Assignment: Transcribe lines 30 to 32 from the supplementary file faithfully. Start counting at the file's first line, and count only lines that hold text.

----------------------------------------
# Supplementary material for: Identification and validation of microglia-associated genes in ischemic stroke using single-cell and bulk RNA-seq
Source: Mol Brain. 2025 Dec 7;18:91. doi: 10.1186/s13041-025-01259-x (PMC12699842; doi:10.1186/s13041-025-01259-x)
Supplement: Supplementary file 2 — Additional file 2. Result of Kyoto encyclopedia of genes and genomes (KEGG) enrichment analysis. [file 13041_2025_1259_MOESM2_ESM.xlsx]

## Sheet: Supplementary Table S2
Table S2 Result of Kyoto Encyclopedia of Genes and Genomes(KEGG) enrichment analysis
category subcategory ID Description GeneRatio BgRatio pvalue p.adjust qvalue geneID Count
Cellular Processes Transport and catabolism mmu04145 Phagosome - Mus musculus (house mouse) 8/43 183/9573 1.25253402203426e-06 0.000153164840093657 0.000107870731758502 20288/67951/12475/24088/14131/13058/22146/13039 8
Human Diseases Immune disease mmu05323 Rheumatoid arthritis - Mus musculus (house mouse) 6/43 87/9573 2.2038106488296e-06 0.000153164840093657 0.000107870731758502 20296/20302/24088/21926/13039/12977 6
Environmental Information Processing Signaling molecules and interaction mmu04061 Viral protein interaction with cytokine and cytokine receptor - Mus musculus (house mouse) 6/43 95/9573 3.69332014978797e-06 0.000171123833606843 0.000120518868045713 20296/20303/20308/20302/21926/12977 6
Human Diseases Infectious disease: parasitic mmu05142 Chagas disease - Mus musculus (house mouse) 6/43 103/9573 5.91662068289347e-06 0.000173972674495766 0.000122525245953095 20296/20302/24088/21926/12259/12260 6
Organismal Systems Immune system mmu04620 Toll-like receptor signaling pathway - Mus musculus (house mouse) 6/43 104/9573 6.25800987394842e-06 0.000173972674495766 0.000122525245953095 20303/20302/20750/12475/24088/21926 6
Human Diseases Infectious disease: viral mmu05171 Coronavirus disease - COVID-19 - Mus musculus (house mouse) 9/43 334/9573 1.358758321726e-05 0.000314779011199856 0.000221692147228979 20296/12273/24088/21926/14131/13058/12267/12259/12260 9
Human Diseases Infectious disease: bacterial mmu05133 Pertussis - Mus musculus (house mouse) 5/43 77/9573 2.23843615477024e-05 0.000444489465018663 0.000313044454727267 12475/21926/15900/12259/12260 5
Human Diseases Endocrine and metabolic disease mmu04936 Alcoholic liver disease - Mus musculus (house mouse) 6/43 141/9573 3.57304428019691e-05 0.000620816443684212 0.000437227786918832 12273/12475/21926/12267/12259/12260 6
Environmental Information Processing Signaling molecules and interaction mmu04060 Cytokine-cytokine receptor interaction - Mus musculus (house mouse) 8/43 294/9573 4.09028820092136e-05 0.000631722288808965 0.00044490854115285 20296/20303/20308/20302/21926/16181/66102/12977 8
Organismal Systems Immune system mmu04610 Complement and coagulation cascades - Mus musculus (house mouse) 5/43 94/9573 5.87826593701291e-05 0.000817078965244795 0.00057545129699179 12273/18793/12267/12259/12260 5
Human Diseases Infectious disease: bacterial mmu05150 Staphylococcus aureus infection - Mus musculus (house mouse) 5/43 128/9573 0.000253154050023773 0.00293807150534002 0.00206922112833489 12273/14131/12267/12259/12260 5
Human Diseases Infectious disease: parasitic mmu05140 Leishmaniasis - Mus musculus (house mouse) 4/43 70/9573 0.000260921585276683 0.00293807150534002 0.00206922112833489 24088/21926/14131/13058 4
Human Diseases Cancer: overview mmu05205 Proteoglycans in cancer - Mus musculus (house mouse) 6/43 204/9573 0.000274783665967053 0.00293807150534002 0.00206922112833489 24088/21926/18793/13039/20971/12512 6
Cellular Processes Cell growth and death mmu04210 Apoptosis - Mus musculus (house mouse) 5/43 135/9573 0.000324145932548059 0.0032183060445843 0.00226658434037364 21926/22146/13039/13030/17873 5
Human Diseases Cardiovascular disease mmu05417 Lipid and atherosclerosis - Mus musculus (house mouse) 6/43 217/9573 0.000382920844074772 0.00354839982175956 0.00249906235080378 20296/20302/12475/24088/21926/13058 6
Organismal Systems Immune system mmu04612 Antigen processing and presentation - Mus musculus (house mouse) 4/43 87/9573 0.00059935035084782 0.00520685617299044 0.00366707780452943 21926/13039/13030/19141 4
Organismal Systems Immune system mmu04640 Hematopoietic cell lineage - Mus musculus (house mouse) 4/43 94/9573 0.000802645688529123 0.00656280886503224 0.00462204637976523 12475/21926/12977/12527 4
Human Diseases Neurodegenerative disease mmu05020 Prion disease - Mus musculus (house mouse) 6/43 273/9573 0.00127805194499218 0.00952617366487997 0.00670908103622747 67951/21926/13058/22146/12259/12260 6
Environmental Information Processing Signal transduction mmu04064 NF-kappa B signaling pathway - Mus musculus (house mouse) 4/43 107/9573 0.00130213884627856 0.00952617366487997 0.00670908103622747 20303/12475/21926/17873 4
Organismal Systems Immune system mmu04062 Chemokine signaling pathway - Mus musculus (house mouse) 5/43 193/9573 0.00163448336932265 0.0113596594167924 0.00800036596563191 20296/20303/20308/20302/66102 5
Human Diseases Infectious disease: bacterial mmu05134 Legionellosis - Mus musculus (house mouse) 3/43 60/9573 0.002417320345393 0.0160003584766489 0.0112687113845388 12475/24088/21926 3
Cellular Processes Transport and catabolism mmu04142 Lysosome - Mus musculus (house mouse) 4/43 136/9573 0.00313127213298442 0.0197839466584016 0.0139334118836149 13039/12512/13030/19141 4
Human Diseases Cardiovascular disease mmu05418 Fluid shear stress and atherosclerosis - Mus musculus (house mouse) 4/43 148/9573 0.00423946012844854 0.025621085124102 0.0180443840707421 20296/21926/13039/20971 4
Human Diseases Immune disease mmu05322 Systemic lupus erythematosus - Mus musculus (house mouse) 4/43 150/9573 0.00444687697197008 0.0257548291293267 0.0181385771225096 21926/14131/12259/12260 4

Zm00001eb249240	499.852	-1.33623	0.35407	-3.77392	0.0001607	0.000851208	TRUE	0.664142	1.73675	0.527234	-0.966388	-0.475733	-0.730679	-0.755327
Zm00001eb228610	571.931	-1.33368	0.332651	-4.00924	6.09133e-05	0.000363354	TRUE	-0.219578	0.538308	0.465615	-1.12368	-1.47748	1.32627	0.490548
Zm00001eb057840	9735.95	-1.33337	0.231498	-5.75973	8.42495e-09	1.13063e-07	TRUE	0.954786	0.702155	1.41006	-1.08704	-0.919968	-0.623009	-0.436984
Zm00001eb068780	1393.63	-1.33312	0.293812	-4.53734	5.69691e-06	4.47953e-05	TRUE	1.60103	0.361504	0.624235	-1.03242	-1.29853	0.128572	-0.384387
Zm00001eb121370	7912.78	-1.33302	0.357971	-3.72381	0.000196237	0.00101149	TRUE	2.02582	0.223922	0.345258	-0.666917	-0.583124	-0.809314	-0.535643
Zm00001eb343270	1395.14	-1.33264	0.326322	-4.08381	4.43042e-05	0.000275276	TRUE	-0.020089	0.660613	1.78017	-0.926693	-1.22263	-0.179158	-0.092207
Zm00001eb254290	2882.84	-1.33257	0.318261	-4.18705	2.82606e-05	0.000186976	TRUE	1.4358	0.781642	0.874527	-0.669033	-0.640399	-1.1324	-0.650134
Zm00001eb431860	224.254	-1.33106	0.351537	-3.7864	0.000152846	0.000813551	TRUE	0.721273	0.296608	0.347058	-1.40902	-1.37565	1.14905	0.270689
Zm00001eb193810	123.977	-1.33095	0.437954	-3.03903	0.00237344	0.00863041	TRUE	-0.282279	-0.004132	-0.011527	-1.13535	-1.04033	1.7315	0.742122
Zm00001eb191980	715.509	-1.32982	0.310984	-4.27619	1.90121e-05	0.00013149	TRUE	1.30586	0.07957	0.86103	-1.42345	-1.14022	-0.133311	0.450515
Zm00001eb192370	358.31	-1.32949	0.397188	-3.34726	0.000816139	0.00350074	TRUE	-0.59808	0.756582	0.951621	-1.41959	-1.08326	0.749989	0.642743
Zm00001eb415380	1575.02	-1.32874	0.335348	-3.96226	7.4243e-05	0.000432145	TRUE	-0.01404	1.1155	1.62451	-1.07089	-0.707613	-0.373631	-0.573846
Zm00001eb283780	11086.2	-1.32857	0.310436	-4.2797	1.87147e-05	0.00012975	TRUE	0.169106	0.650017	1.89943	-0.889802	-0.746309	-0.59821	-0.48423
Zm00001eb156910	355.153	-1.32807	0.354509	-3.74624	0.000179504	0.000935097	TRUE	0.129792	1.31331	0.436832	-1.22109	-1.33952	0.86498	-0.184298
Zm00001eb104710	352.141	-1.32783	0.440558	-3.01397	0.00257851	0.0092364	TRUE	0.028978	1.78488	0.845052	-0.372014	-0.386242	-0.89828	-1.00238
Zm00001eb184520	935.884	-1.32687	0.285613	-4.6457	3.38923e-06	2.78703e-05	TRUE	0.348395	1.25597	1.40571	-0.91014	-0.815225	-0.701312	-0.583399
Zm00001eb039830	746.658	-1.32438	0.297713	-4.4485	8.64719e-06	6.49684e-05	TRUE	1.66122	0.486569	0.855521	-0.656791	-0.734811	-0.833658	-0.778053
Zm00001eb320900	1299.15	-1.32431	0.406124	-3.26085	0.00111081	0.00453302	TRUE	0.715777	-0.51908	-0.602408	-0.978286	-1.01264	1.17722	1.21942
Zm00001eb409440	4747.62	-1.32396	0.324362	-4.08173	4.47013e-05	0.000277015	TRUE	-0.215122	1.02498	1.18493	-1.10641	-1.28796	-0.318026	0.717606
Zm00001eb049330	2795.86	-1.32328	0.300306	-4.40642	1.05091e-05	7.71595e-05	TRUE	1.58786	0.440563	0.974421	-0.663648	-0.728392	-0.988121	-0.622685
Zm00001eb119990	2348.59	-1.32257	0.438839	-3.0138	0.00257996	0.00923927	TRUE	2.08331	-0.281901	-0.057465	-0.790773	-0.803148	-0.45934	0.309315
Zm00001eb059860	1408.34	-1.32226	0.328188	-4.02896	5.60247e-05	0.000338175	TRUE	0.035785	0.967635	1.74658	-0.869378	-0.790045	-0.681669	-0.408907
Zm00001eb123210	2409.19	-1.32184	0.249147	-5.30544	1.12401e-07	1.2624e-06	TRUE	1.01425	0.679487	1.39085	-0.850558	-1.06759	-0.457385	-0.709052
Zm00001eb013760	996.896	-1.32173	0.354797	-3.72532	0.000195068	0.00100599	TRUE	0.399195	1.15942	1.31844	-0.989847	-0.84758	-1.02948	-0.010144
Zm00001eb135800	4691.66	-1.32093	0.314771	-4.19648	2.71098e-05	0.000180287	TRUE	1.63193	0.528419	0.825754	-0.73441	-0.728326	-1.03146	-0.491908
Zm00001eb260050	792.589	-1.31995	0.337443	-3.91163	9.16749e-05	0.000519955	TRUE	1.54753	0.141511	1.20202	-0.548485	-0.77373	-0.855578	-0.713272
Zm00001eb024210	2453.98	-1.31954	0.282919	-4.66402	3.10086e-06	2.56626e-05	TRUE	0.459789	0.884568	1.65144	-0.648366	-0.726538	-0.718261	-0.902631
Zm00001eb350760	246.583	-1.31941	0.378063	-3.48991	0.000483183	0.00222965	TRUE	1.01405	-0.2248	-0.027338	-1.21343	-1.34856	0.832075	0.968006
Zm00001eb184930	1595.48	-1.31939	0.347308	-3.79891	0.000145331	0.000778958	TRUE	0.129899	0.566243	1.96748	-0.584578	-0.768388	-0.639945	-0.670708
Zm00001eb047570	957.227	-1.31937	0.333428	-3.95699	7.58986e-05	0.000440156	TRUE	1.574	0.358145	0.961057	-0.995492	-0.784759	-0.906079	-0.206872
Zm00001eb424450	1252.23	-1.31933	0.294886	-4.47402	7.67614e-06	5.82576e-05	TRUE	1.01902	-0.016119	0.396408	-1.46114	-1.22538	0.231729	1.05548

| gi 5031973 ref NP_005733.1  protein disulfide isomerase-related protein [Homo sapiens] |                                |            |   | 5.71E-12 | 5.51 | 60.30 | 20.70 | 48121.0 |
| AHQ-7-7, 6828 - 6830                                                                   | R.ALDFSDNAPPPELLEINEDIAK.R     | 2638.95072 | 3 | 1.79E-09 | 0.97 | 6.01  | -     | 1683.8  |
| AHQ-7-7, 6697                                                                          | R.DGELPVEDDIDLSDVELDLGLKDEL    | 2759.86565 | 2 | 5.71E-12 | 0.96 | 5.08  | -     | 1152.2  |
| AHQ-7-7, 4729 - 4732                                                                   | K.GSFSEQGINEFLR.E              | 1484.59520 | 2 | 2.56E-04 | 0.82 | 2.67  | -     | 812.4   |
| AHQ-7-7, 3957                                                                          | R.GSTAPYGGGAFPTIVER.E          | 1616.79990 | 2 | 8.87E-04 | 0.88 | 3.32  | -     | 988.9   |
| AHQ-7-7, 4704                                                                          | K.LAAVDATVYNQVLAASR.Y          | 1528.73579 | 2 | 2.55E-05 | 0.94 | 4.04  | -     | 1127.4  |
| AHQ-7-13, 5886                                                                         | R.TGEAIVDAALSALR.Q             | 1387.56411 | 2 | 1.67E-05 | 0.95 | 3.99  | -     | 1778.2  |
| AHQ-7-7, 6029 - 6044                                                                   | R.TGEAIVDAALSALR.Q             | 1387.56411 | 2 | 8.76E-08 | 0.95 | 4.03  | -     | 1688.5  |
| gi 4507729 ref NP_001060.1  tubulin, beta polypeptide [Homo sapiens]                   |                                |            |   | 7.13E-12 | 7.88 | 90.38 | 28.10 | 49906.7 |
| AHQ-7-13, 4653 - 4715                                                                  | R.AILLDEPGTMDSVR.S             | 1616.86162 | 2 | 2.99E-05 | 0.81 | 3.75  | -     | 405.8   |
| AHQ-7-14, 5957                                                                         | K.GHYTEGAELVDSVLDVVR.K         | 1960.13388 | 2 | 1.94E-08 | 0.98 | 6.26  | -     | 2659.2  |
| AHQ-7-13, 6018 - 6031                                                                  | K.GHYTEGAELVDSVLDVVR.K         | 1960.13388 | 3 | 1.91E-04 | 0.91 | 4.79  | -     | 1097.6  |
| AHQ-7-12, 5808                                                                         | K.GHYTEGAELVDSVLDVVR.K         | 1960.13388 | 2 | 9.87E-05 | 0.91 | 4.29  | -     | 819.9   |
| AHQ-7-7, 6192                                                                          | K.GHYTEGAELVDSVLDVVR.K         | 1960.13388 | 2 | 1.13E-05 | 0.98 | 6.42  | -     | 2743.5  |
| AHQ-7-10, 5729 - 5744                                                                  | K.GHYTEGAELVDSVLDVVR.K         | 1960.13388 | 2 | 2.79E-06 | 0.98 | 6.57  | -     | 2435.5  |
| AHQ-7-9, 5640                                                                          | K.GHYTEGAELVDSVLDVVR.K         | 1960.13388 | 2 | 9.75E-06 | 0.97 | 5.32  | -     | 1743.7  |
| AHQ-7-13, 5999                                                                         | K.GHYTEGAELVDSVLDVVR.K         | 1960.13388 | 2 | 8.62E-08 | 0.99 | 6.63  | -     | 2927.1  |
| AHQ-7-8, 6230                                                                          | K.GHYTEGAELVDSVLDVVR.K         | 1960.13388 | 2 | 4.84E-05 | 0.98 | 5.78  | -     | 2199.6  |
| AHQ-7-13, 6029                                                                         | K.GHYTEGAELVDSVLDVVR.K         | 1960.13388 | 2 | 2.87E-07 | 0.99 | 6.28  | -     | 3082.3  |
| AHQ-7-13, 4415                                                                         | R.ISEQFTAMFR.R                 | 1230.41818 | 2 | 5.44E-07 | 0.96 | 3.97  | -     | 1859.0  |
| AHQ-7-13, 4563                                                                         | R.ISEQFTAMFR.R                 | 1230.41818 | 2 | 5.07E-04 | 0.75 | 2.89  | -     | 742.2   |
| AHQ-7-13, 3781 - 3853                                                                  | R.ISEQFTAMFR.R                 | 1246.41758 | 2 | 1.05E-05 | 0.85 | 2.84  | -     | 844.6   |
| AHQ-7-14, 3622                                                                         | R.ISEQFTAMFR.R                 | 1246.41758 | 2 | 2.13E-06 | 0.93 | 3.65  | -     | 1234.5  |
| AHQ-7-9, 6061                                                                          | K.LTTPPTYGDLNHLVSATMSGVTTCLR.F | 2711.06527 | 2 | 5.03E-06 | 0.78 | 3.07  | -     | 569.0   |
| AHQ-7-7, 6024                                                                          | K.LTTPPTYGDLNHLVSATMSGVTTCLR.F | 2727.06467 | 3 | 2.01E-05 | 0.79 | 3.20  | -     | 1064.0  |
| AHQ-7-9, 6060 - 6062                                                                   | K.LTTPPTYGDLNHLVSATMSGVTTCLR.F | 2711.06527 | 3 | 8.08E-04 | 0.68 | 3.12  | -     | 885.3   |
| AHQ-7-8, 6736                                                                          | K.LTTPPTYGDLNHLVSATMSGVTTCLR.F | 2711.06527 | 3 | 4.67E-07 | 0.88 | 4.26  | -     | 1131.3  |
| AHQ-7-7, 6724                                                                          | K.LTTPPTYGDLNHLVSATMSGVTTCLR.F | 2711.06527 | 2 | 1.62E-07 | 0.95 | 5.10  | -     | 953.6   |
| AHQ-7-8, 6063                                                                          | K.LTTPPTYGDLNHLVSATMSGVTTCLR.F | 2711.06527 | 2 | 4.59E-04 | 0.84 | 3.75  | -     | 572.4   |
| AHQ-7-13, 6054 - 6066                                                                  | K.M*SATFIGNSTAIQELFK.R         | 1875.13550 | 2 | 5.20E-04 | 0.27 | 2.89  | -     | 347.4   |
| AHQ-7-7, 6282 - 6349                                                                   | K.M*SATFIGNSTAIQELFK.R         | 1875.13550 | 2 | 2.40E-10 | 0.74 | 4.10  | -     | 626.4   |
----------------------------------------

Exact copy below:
Human Diseases Immune disease mmu05322 Systemic lupus erythematosus - Mus musculus (house mouse) 4/43 150/9573 0.00444687697197008 0.0257548291293267 0.0181385771225096 21926/14131/12259/12260 4

Zm00001eb249240	499.852	-1.33623	0.35407	-3.77392	0.0001607	0.000851208	TRUE	0.664142	1.73675	0.527234	-0.966388	-0.475733	-0.730679	-0.755327
Zm00001eb228610	571.931	-1.33368	0.332651	-4.00924	6.09133e-05	0.000363354	TRUE	-0.219578	0.538308	0.465615	-1.12368	-1.47748	1.32627	0.490548